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The Sand Flea (Part X)

Continued from The Sand Flea (Part IX).

“Hey, something’s ahead!” Evoxe’s voice was sudden, and woke Ask from his doze.  His head was somewhere soft, and the sun’s warmth felt nice on his skin.  He looked upward, and saw Korenila’s face.  He was resting his head against her chest, and she was leaning against the forward wall of the straw cart.  Beside him, Horse had her nose under his hand.

Korenila opened her eyes. “What is it, Evoxe?”

“I think it’s-” he trailed off momentarily before he continued, “It’s a house.  Nobody should be living this close to the Drop.” Read the rest of this entry »

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The Sand Flea (Part IX)

Continued from The Sand Flea (Part VIII).

Ask continued to run through the healers’ temple, desperately seeking someone who believed him.  His back began to burn with a dull ache. “Bandits are coming!” He pointed back, behind the temple. “They’re that way!”

Several scoffed at the panting goblin.

“Liar!”

“You’re for Njolr!”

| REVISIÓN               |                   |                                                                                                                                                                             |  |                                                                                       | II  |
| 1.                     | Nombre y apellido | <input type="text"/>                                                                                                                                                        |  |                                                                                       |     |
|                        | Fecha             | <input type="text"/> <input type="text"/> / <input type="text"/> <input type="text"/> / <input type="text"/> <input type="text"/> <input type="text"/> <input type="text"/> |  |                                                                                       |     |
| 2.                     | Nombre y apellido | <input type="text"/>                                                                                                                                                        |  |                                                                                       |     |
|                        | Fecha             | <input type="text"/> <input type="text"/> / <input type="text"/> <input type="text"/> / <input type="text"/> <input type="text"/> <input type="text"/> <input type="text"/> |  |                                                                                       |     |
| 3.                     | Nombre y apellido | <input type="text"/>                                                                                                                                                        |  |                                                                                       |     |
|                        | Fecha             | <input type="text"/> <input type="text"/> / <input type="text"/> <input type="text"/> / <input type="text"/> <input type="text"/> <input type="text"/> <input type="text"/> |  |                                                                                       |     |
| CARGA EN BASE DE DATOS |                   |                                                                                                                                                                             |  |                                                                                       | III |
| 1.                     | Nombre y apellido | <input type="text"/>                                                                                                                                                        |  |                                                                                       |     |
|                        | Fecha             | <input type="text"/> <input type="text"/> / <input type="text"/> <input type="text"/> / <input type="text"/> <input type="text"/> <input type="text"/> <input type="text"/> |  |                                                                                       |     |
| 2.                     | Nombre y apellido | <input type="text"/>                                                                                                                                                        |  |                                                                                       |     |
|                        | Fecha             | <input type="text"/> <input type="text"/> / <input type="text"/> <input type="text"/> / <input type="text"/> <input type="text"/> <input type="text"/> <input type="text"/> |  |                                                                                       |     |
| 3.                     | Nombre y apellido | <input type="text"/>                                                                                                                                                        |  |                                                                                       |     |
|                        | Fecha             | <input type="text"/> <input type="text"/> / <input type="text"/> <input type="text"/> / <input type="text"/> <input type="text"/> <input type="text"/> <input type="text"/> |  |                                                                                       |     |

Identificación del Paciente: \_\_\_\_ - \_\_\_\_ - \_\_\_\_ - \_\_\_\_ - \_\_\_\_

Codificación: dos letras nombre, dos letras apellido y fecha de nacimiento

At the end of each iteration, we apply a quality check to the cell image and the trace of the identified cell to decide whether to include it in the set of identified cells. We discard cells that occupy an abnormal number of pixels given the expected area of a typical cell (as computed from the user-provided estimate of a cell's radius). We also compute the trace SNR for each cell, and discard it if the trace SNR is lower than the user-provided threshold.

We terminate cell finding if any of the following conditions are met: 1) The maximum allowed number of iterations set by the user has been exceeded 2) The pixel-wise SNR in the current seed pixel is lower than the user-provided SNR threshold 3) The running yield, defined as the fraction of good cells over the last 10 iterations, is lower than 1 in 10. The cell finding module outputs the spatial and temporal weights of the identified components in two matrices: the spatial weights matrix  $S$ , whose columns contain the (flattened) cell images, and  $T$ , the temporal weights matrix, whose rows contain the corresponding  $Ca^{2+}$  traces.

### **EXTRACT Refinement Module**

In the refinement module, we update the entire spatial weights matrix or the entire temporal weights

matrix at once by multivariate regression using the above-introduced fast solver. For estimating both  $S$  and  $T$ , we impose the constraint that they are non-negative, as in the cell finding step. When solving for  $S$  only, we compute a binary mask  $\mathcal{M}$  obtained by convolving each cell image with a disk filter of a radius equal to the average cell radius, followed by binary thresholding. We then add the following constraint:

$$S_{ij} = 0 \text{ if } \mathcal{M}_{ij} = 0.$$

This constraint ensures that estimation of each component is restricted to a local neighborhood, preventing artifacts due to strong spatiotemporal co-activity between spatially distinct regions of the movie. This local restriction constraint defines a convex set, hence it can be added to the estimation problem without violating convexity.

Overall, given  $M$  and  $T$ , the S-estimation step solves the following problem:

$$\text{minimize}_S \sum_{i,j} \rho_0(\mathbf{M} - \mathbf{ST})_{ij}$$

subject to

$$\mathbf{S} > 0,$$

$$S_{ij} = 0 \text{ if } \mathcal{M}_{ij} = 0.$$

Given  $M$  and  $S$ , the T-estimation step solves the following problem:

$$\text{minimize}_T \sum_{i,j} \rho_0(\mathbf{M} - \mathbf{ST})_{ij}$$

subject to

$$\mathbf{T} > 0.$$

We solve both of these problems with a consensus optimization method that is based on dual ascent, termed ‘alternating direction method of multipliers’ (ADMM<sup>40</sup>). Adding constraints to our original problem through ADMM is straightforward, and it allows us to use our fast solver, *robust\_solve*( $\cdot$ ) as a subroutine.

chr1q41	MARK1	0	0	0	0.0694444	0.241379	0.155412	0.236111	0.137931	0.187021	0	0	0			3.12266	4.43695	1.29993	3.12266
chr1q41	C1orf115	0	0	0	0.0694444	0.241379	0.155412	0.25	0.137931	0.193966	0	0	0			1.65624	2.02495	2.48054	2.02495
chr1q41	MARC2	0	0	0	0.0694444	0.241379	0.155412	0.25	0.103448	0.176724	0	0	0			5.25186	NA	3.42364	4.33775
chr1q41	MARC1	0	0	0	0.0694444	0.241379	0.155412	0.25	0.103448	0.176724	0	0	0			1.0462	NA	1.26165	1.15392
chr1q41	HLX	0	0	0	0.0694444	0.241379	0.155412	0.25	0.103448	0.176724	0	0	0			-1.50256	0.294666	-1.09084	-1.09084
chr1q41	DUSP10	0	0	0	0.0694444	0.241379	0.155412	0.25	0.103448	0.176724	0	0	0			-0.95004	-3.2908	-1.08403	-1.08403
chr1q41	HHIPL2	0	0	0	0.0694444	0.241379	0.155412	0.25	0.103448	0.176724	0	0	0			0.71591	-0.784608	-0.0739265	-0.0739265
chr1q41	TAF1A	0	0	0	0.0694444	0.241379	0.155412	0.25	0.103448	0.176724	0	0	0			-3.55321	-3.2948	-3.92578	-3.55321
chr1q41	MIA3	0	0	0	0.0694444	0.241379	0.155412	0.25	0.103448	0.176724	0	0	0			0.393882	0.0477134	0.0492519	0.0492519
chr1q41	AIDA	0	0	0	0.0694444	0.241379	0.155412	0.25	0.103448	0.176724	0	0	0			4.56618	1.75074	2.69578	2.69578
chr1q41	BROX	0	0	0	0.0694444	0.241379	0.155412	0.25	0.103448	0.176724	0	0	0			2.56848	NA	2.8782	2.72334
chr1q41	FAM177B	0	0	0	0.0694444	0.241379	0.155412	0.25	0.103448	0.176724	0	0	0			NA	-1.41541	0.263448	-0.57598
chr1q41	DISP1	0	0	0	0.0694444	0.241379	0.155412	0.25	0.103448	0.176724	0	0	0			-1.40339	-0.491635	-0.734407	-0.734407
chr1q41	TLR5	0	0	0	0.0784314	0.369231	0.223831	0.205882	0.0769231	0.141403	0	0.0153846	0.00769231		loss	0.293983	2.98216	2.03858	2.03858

“You’re just going to rob us blind!” The patients’ voices kept the priests from hearing, and as Ask tried to run towards a male priest that had fancier robes than the rest, a hand wrapped around his ankle, and a group of seven patients bustled him out the same door he entered through. Read the rest of this entry »

 
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Posted by on July 1, 2013 in Semihistorical Fiction

 

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The Sand Flea (Part VIII)

The nights were growing cooler, and Ask’s back almost didn’t hurt at all anymore.  Despite his recovery, Korenila insisted he should stay, and he couldn’t help but wonder why he didn’t mind taking orders from her.  She was kind.  That must have been why, he was sure.  He was given his freedom to wander the barnyard, however, and wander he did.